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Reascending Celeste’s mountain

Brian Edwards finds the inner resolve to scale Madeline’s intimidating peak

I’ve been replaying Celeste, 2018’s darling indie platformer, for the upcoming Cane and Rinse recording.

I played Celeste on my Switch back in 2018 and adored it.  It did several incredible things, most of which I will hold onto to talk about during the recording, but it was a success on almost every level.  Controls, story, music, feel.  It all just felt right.

It was no surprise that when I went back to it recently I felt most of the same things.  It had that nice feeling of revisiting an old friend or walking the halls of the school you used to attend. Familiar yet different, comfortable and fresh.

However, as Madeline and I ascended the mountain for a second time, it became clear that something was different.  Something had changed.  The mountain had changed.

celeste

It almost feels cliche to talk about how hard 2020 was (still is?) and yet I somehow know that it can’t be overstated.  2020 was hardYou see that?  Bold and italics. That’s how you know I’m for real.

The fact remains that the last calendar year was one of the hardest on record for a lot of us. Although it felt like there was this swell of positivity leading into the new year, as if the clock flipping from 11:59 on December 31st to 12:00 on January 1st 2021 was going to somehow wash all of the pain away. It was a nice and convenient fantasy.

The reality is that not much changed. In fact, some (me) would argue that it has never been worse. The Covid-19 pandemic still rages and vaccine rollout in my native United States has been slow. Governmental response to this has been frustrating at best and infuriating at worst. I thought that this was the low, the last gust of the coronavrius storm before the vaccine is available and things start to level. Things can only get better from here.     

celeste

January 6th, 2021. I, like most of the world, watched as domestic terrorists stormed the Capitol Building of the United States of America, the country in which I live. I was horrified and disgusted, but I was not shocked. I wasn’t shocked that the hate spewed for the last four years had manifested itself into a throng of malcontents hell bent on destroying the foundation of the nation that they claimed to be defending.

I was furious, shouting at my television like so many others, shouting for reason and some goddamned accountability and consequences for those who caused this.

The rage wouldn’t subside. I couldn’t calm down. I became a husk, a vacant container for the fury I had at those who had caused these senseless and ignorant actions.

I needed an outlet. I needed a release. I did what I normally do when I feel this way. I picked up a controller.

I finished my replay of Celeste’s campaign on Friday, January 7th. I spent the majority of those two nights climbing up Mt. Celeste, revisiting old places, seeing old friends.

As I watched the credits I was happy, but I wasn’t satisfied. I wanted more.    I looked at the trophy list for Celeste and saw that I only had 31% of the trophies unlocked.

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When I played through the game originally, I was aware of the B-Side levels, crazy hard remixes of the original stages, and decided that they weren’t for me. I saw strawberry collectibles during my playthrough and would casually get them if I wanted, but never made them a priority. I looked at that trophy list and I saw 31% and all I could think was that I could do better. That I am better.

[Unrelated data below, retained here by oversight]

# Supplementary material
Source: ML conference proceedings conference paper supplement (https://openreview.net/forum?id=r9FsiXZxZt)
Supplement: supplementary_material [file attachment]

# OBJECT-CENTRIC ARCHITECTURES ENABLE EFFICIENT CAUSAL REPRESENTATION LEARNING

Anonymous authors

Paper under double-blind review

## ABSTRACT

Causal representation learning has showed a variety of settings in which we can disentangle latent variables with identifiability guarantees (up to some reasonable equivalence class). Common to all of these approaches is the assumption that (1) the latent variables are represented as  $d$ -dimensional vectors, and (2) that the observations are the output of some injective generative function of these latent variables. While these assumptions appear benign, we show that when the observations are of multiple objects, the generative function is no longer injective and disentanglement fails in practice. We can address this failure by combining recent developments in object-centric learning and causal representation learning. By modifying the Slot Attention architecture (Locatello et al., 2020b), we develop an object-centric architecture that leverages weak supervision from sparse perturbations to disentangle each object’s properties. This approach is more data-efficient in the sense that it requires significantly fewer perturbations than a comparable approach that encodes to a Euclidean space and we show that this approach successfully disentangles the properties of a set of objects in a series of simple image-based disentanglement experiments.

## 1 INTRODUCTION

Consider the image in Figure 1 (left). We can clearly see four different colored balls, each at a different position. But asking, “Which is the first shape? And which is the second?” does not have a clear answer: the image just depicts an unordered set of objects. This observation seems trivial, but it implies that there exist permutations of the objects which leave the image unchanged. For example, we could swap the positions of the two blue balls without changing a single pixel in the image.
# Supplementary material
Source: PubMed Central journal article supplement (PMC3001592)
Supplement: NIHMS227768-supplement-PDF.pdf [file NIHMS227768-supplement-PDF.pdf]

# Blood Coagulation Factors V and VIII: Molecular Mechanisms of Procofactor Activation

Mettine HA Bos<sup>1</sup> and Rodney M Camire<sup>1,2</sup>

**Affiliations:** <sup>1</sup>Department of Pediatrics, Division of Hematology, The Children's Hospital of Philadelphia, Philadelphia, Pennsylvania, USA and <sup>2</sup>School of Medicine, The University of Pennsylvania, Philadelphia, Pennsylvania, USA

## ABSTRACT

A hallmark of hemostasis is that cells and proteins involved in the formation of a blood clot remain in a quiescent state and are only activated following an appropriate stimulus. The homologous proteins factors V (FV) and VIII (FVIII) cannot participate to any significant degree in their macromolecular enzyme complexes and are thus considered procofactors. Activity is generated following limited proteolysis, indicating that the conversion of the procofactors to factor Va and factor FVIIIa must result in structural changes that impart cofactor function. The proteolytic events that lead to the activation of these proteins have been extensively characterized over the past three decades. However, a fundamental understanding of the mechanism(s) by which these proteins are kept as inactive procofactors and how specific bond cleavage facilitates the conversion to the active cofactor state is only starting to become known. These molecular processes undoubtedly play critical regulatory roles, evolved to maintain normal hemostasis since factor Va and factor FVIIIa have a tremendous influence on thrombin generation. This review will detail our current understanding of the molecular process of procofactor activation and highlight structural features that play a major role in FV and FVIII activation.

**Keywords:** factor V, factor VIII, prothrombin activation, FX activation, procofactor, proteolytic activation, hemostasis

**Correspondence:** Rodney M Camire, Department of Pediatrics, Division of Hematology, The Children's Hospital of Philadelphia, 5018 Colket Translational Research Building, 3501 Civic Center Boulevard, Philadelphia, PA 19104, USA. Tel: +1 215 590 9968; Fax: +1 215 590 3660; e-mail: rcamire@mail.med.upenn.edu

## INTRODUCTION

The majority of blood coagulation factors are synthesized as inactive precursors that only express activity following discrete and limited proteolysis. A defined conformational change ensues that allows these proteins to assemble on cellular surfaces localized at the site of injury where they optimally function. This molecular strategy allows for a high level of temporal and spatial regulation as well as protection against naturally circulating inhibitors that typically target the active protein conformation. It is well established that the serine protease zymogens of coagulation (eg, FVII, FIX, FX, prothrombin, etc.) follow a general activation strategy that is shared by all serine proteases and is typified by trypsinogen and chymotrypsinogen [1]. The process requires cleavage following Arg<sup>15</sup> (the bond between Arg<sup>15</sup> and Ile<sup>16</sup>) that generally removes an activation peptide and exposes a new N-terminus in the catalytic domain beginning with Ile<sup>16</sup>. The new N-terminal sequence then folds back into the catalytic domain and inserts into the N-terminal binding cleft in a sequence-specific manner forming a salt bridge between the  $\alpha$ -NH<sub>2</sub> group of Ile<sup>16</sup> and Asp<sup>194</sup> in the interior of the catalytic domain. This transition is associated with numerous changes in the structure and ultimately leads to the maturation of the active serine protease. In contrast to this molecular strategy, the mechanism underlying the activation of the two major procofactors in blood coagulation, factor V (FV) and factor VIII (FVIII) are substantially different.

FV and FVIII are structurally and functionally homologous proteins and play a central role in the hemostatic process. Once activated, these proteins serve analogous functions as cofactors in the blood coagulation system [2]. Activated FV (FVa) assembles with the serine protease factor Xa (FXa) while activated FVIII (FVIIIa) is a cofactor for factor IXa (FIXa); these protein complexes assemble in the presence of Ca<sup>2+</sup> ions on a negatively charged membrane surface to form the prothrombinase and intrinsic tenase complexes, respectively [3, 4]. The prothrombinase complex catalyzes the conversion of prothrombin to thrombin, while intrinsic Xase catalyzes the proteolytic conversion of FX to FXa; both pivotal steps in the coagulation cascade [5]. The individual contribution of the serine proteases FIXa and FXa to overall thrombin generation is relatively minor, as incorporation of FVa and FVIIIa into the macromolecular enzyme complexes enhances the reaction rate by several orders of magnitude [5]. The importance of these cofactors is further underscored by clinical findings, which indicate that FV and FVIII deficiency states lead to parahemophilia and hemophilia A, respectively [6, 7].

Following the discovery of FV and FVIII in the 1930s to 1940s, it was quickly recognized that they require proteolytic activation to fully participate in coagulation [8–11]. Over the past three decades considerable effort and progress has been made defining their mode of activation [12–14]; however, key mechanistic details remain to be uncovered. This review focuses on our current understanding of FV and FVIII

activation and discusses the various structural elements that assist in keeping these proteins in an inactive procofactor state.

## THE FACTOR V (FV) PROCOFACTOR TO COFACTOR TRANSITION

I started the first B-Side and immediately hit a wall. I was determined, but death after death was discouraging me from carrying on. The problem wasn’t the solution, I knew how to solve these puzzles, the problem was in the execution. I knew what to do, but I just couldn’t pull it off.

This is normally my ceiling for these games. I get to a point where I become convinced I cannot do any better and I give up. Something was different this time.

I remembered what Madeline and her shadow discussed on their ascent up the mountain. How she hated herself and blamed herself for all of her problems. How she got in her own way. How she sabotaged herself. How she didnt believe in herself.

I picked up the controller with a renewed sense of resolve. I’m not trying to be melodramatic, I know I’m describing myself playing a videogame, but it felt more significant than that. I decided, in that moment, I wasn’t going to be beaten. I wasn’t going to let myself fall off the mountain.

At the time of writing this, January 11th 2021, I have completed four of the B-Side levels and have collected 90% of the strawberries. I have achieved the elusive 1-Up trophy, a trophy that requires you to collect six strawberries without stopping your momentum. I am at 68% trophy progress. I am going to Platinum this game.

This probably wouldn’t have happened without the current state of the world. I would have probably given up, decided that it wasn’t worth my time to do. Celeste has served a very different purpose for me in 2021 than it did in 2018. It has become a symbol of personal perseverance. It has also been a means of escape.

This last year has been a lot to take. There has been so much tragedy, despair, and uncertainty that it has become impossible to exist without being constantly aware of the current circumstances. This last week was what pushed me to the edge. I was angry.  I was sad. I was furious. I was devastated. I felt like I didn’t have anywhere to go to feel good about anything.

So I went to the mountain. I felt the cool, crisp air. I challenged myself. I succeeded. I failed. I learned. I tried. I tried to carry on. And, these days, what more is there?

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